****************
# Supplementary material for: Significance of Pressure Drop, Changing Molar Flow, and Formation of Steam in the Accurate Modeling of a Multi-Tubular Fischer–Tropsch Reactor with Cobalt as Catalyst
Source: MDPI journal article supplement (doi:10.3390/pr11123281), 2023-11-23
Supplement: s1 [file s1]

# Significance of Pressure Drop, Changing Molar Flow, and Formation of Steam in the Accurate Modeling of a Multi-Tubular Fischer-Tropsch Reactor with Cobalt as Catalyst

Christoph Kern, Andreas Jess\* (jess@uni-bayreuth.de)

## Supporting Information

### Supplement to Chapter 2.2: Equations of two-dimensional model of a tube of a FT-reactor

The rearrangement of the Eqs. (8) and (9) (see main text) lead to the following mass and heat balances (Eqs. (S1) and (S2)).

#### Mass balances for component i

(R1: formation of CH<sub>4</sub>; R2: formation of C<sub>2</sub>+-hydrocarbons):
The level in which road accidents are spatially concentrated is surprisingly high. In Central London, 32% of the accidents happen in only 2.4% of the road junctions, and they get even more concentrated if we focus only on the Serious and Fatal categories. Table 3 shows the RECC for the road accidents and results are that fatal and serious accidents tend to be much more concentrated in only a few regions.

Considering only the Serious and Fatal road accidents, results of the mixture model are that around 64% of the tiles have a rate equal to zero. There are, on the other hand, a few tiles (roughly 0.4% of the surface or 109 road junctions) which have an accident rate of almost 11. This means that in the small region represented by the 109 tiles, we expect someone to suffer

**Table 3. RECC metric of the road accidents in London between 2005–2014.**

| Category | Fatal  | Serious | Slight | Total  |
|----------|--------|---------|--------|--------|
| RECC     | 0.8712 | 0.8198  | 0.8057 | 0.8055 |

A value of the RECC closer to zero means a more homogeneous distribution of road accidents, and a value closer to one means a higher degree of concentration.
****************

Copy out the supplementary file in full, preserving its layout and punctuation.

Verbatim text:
# Supplementary material for: Significance of Pressure Drop, Changing Molar Flow, and Formation of Steam in the Accurate Modeling of a Multi-Tubular Fischer–Tropsch Reactor with Cobalt as Catalyst
Source: MDPI journal article supplement (doi:10.3390/pr11123281), 2023-11-23
Supplement: s1 [file s1]

# Significance of Pressure Drop, Changing Molar Flow, and Formation of Steam in the Accurate Modeling of a Multi-Tubular Fischer-Tropsch Reactor with Cobalt as Catalyst

Christoph Kern, Andreas Jess\* (jess@uni-bayreuth.de)

## Supporting Information

### Supplement to Chapter 2.2: Equations of two-dimensional model of a tube of a FT-reactor

The rearrangement of the Eqs. (8) and (9) (see main text) lead to the following mass and heat balances (Eqs. (S1) and (S2)).

#### Mass balances for component i

(R1: formation of CH<sub>4</sub>; R2: formation of C<sub>2</sub>+-hydrocarbons):
The level in which road accidents are spatially concentrated is surprisingly high. In Central London, 32% of the accidents happen in only 2.4% of the road junctions, and they get even more concentrated if we focus only on the Serious and Fatal categories. Table 3 shows the RECC for the road accidents and results are that fatal and serious accidents tend to be much more concentrated in only a few regions.

Considering only the Serious and Fatal road accidents, results of the mixture model are that around 64% of the tiles have a rate equal to zero. There are, on the other hand, a few tiles (roughly 0.4% of the surface or 109 road junctions) which have an accident rate of almost 11. This means that in the small region represented by the 109 tiles, we expect someone to suffer

**Table 3. RECC metric of the road accidents in London between 2005–2014.**

| Category | Fatal  | Serious | Slight | Total  |
|----------|--------|---------|--------|--------|
| RECC     | 0.8712 | 0.8198  | 0.8057 | 0.8055 |

A value of the RECC closer to zero means a more homogeneous distribution of road accidents, and a value closer to one means a higher degree of concentration.